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Ignite Me

by on 29 September 2020

Unmasked Voices

Ignite Me

Ignite Me Workshop Theatre at The Theatre in the Park, Marble Hill, 27th September

Review by Celia Bard

Notwithstanding the greyness of the afternoon with the first signs of leaves turning golden brown, the Ignite Me Theatre enthusiastically presented its latest workshop against the backdrop of Marble Hill House, sadly neglected since the 1980s.  All that is now about to change for with the help of part of a £4 million grant from the Heritage and Community Fund, restoration is now underway.  Marble Hill is on its way to being revived, its story brought to life and investment in its long term future secured. 

The House, an elegant Palladian villa and gardens, was constructed by Henrietta Howard, Countess of Suffolk (1689-1767), perhaps best known as the mistress to the Prince of Wales, later George II.  The Countess was, however, much more than a mistress.  She was right at the centre of a dynamic circle of writers, poets and politicians amongst whom included Horace Walpole, Jonathan Swift and Alexander Pope, a close neighbour residing at Pope’s Villa in Strawberry Hill.  It was Pope who designed the Villa gardens for the Countess.   Against this backdrop of the now scaffold-bedecked house, socially distanced groups gathered, with their deckchairs, under the grey skies with a distinct autumnal chill in the air, to watch a group of dedicated actors of the Ignite Me Theatre present their drama.   

Similar to the way in which Henrietta Howard sparked off discussion about the Arts, so the Ignite Me Workshop Theatre is acting as a vehicle for social change through drama and discussion recognising how important “it is for people to have their say and put their points across.  We too have a voice”, commented Gary, one of the participants.  The theatre’s actors and artists come from a diverse range of backgrounds, including disabled and homeless people.  Their current project, People’s Theatre for Marginalised Adults is supported by The Mayor of London’s Culture Seeds.  The company was set up by Bryony Jane Meteyard in 2017 and this is her third production.  Her drama work with them is experimental.  She works with actors from their own experiences and develops performances that aim to involve the audience in making connections and finding solutions.   

Hard as it is for non-marginalised adults to function in societies right across the world it is good to be reminded how much more difficult it must be for those who find themselves, not only having to cope with an impairment of some kind but now find themselves in a world where personal freedoms and rights are restricted because of a virus that has become pandemic.   The scenes acted out by the actors showed the way things really are for them such as having to cope with a cash machine not working; wearing a mask on a bus when the wearer suffers a panic attack; having to queue when going into a shop and find themselves facing an angry queue of people; asking directions whilst wearing a mask of a person with impaired hearing; refusing to sit next to a disabled person; wearing really scary masks.  Members of the audience were then asked to participate by being asked to suggest ways in which these situations could be improved for those experiencing them.  What could be done to help, to calm things down?  The same scenes were then repeated with the actors taking on-board audience suggestions.  All of the scenes were Covid related and how it impacts on people who may be mentally or physically challenged.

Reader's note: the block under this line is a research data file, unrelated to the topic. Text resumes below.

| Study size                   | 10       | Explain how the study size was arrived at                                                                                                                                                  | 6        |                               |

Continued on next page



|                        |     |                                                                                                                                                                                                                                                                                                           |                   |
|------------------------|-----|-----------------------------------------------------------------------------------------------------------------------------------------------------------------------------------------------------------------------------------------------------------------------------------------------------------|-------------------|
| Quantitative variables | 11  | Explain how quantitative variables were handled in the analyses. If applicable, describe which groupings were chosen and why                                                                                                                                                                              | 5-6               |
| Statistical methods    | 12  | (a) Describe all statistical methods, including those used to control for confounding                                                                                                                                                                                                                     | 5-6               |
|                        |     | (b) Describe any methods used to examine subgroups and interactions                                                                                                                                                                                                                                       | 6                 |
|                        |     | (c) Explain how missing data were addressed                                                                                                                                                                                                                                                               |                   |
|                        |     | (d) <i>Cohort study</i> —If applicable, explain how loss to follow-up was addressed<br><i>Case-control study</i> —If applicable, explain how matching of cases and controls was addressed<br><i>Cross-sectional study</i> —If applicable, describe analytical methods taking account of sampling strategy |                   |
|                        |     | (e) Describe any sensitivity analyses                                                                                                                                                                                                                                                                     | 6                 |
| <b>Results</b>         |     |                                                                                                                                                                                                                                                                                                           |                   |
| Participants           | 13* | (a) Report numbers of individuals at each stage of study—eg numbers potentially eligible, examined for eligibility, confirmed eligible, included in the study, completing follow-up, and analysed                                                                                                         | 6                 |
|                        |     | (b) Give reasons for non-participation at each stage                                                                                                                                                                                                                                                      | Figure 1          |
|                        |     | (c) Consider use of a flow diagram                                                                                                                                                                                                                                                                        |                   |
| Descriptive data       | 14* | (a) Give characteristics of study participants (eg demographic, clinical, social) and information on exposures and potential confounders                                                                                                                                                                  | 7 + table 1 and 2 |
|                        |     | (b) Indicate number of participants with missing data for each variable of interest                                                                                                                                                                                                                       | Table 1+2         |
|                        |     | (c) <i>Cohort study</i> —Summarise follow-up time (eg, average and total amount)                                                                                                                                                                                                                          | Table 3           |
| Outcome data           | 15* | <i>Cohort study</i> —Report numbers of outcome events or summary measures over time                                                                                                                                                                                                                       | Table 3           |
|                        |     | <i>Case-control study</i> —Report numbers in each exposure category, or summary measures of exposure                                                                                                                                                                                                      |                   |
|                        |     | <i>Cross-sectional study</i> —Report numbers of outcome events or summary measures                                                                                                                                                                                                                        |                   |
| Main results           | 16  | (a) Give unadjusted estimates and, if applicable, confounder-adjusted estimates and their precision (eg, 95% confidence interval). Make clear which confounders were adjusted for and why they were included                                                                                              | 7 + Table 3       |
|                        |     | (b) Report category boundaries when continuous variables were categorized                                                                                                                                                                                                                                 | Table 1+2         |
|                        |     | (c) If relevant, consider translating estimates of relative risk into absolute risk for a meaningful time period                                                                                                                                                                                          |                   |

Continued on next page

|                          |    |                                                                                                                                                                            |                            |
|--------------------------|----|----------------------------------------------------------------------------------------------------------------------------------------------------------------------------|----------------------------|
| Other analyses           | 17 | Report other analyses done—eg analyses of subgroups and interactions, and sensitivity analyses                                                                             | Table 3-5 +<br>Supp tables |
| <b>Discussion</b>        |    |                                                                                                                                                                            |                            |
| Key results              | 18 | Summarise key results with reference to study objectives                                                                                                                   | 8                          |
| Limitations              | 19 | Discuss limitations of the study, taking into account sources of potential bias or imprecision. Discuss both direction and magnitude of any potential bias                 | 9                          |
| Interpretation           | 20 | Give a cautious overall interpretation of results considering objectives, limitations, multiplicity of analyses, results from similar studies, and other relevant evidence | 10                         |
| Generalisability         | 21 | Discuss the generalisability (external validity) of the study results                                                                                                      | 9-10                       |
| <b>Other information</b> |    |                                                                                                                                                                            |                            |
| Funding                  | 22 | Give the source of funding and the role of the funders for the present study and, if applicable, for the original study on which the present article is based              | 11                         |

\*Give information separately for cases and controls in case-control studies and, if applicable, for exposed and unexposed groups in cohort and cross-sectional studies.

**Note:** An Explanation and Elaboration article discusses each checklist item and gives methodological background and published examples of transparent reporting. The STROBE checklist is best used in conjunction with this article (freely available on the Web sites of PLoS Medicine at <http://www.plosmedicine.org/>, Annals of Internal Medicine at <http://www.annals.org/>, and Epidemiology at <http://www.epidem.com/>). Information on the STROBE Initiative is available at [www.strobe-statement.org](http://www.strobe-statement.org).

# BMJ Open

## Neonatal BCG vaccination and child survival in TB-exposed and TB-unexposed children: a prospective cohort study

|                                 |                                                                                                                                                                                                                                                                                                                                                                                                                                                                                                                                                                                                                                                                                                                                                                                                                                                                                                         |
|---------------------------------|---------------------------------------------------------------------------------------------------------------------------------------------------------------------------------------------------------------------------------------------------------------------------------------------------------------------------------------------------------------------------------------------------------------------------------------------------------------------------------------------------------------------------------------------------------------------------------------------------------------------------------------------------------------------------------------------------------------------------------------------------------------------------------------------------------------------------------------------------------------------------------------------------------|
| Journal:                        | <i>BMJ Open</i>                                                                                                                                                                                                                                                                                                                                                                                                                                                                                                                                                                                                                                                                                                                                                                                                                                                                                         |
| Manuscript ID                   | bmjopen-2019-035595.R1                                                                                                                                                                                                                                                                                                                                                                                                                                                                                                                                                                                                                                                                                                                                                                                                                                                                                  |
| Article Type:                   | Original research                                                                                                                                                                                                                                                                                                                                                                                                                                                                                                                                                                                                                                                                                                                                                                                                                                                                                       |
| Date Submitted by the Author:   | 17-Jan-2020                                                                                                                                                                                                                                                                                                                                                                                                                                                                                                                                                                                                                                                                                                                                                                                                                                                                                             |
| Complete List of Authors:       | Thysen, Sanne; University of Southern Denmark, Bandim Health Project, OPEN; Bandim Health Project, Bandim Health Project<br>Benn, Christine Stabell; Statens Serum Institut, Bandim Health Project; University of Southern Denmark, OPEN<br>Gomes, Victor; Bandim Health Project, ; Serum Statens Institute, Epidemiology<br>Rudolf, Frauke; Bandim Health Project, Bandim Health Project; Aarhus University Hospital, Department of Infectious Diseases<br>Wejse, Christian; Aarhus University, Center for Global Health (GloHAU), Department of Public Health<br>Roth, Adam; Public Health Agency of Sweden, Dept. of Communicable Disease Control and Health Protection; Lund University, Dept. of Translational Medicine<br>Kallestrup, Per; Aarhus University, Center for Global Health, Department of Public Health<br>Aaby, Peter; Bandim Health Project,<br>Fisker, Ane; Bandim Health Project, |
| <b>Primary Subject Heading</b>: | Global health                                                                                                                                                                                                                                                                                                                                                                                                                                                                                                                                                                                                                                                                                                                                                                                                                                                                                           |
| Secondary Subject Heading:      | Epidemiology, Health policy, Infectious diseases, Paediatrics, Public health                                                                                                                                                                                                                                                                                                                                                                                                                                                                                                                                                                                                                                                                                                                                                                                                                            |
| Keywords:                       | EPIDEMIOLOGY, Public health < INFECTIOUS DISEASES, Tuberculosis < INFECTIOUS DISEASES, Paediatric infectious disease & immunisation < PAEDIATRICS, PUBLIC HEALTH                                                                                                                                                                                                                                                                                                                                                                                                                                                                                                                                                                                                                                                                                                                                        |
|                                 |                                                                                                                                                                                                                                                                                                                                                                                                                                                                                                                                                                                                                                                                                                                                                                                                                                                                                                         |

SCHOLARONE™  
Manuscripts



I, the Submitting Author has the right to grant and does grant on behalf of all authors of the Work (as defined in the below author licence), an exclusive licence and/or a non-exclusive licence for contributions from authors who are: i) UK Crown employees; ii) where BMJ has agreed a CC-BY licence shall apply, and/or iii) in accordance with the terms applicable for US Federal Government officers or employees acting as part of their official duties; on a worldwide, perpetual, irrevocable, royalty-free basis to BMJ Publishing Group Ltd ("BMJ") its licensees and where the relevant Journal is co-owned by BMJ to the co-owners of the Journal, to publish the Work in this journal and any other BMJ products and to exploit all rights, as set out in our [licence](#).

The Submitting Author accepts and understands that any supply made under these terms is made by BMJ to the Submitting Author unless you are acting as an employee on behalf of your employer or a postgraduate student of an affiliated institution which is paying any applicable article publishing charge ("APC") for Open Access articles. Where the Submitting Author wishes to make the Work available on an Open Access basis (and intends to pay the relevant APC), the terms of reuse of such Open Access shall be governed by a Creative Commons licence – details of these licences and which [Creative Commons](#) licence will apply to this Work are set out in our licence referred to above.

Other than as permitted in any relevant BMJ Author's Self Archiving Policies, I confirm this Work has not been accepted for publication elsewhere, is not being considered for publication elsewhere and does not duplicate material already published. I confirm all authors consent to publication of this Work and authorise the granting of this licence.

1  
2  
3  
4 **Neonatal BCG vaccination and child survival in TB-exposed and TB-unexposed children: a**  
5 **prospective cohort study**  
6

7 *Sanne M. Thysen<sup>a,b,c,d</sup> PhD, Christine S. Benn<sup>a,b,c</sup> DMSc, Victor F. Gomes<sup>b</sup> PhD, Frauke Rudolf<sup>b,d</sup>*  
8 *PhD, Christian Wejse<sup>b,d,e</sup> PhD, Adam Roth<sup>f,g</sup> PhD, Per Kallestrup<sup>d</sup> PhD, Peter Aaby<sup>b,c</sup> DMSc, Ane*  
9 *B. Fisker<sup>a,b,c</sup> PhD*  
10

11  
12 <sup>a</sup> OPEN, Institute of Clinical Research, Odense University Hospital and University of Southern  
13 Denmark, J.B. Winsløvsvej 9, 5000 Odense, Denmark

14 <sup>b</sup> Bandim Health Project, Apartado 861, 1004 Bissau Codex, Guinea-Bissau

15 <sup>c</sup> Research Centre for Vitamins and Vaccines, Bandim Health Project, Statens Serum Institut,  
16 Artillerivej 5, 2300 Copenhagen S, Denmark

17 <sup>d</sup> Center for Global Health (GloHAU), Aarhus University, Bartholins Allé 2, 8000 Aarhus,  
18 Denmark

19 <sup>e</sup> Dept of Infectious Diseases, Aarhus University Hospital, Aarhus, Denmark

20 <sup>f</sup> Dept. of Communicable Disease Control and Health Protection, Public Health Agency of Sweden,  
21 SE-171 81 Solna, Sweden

The groups of actors worked really well together.  They were enthusiastic and well-motivated, under the guiding hand of the Narrator, Bryony Meteyard, who linked together the different scenes with confidence.  She was totally at ease and interacted with the audience in a most engaging way.  The audience were receptive and not at all inhibited about coming forward and offering suggestions.  The scenes were interspersed by music provided by The Missing Cat duet consisting of vocal and guitar who entertained the audience with pop music of the 60s including My Girl and Waterloo Sunset.

The well named Ignite Me Workshop Theatre is certainly a group well worth following, their sense of fun and togetherness was infectious.  Also commendable were the actual performances.  Actors could be heard clearly, and characters were well defined.  Although the scenes, I suspect, evolved through a series improvisational exercises, the final result was sleek and professional, all relating to the overall theme of Covid. 

Celia Bard, September 2020

Photography by Charles Jervas and Penny Touchwood

From → Drama, Music

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